Another poor analogy:
` "It's true," Sarasti told her, "that your intellect makes up for your self-awareness to some extent. But you're flightless birds on a remote island. You're not so much successful as isolated from any real competition." `
Some birds lose flight on islands not from lack of competition, but lack of predators and in some cases they become the top tier predators. However, they are subject to the same competitive pressures as other similar organisms in their environment.
If you are going to try to razzle-dazzle people with Egghead Mumbo Jumbo, at least try not to reinforce misperceptions. Get your analogies straight, or reread your Darwin and Gould. There are paragraphs that clearly outline applicable ideas and add much to the story, but much of the science and philosophy seems to be inserted randomly - giving the narrative a ramshackle feel, like a first draft written on a caffeine high.
And, of course, there is the Vampire in charge. How can I describe this? The constant reminders of "prey", "predator" and "meat" do not seem like adequate substitutes for personality development or interpersonal relationships. Over all, the characters showed lots of Color and Noise, but little of Art and Music.
Now, when he tries to separate intelligence from self awareness, I don't agree with his resulting species. What you end up with is a reaction machine--how can it initiate action if it is unaware of its own desires? He seems to be implying that the Scramblers are a "hive mind" parasitizing the super-Jupiter for energy and materials, but their objective never becomes clear to me. Obviously, their motives may be alien, yet their later actions and strategies are well planned out and understandable, which seems to be contradictory to their nature. And the initial contact with their machines seems only to be a ploy to get the expedition rolling as it seems to have no bearing on their subsequent actions.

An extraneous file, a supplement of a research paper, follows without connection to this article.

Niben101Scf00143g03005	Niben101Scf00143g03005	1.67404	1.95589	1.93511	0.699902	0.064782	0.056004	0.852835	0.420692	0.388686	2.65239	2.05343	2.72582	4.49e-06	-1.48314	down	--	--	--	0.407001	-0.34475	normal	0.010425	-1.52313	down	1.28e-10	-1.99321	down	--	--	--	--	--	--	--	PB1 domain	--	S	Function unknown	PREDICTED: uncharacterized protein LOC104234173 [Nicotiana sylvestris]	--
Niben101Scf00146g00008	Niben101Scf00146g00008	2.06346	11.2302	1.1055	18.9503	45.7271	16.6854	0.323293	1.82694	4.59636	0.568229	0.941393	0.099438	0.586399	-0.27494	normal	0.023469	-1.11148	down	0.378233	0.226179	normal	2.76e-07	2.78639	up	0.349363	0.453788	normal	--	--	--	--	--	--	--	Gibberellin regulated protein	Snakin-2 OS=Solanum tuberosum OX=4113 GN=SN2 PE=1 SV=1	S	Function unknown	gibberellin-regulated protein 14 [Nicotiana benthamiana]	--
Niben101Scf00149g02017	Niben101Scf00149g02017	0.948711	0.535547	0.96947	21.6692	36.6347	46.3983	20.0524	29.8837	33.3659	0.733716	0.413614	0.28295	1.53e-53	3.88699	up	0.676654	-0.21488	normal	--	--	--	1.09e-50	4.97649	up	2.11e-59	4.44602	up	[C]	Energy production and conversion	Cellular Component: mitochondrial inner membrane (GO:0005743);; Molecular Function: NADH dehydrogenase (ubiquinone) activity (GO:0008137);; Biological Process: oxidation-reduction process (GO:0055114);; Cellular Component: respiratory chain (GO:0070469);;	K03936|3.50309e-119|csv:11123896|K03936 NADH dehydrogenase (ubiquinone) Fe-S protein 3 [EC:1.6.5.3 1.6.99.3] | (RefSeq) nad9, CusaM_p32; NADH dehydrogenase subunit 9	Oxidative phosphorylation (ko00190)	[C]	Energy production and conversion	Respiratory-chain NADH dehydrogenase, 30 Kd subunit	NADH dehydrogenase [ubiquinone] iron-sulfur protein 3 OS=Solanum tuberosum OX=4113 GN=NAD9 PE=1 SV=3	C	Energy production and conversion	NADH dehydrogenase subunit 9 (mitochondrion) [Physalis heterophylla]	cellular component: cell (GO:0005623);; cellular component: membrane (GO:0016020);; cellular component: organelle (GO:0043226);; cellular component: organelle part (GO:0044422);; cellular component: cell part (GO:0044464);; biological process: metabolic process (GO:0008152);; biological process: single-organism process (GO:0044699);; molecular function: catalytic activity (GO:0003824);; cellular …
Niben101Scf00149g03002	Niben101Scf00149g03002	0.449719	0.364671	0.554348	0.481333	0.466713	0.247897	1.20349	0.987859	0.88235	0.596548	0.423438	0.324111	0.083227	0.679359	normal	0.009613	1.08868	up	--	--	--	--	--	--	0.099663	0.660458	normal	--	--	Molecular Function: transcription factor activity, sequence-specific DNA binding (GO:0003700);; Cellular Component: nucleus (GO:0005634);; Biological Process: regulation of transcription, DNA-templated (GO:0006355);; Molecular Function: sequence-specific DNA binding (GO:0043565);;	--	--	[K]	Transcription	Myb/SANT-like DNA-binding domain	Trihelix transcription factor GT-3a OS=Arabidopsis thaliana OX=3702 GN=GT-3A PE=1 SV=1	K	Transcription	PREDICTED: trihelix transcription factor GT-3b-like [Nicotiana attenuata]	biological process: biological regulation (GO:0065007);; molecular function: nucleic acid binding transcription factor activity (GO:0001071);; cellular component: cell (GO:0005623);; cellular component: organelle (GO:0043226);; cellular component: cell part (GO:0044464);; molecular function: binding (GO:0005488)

On the theme of Message hostility:
"There are no meaningful translations for these terms. They are needlessly recursive. They contain no usable intelligence, yet they are structured intelligently; there is no chance they could have arisen by chance.
The only explanation is that something has coded nonsense in a way that poses as a useful message; only after wasting time and effort does the deception becomes apparent. The signal functions to consume the resources of a recipient for zero payoff and reduced fitness. The signal is a virus.
Viruses do not arise from kin, symbionts, or other allies.
The signal is an attack."
This explanation of their motivation assumes that although humans can understand alienness (they reach out to investigate it), the aliens themselves cannot? They have no conception of other species? Have they never encountered the equivalent of birds that sing, and frogs that croak, and bees that buzz for no reason other than that is what they do? Are the informationless, but structured and periodic pulsations of the stars interpreted as war cries? Do they rail against the heavens themselves in eternal anguish? How can these dumb bunnies survive? It's a stretch of the imagination that makes absolutely no sense. This reinforces the idea that they are a one-dimensional reaction machine and not intelligent at all. He didn't invent a mysterious alien race, he discovered the Roomba of Outer Space.
Instead, try reading any of the following:
by Samuel R. Delany
Just as many freaks, but Delany can actually write.
First Contacts: The Essential Murray Leinster
by Murray Leinster
Contains THE classic first contact story, titled oddly enough "First Contact"
by A. E. Van Vogt
A better class of Übermensch than Watt's ridiculous vampires plus Van Vogt is actually fun to read.
The Doors of His Face, The Lamp of His Mouth
by Roger Zelazny
One of the finest writers of the 20th Century.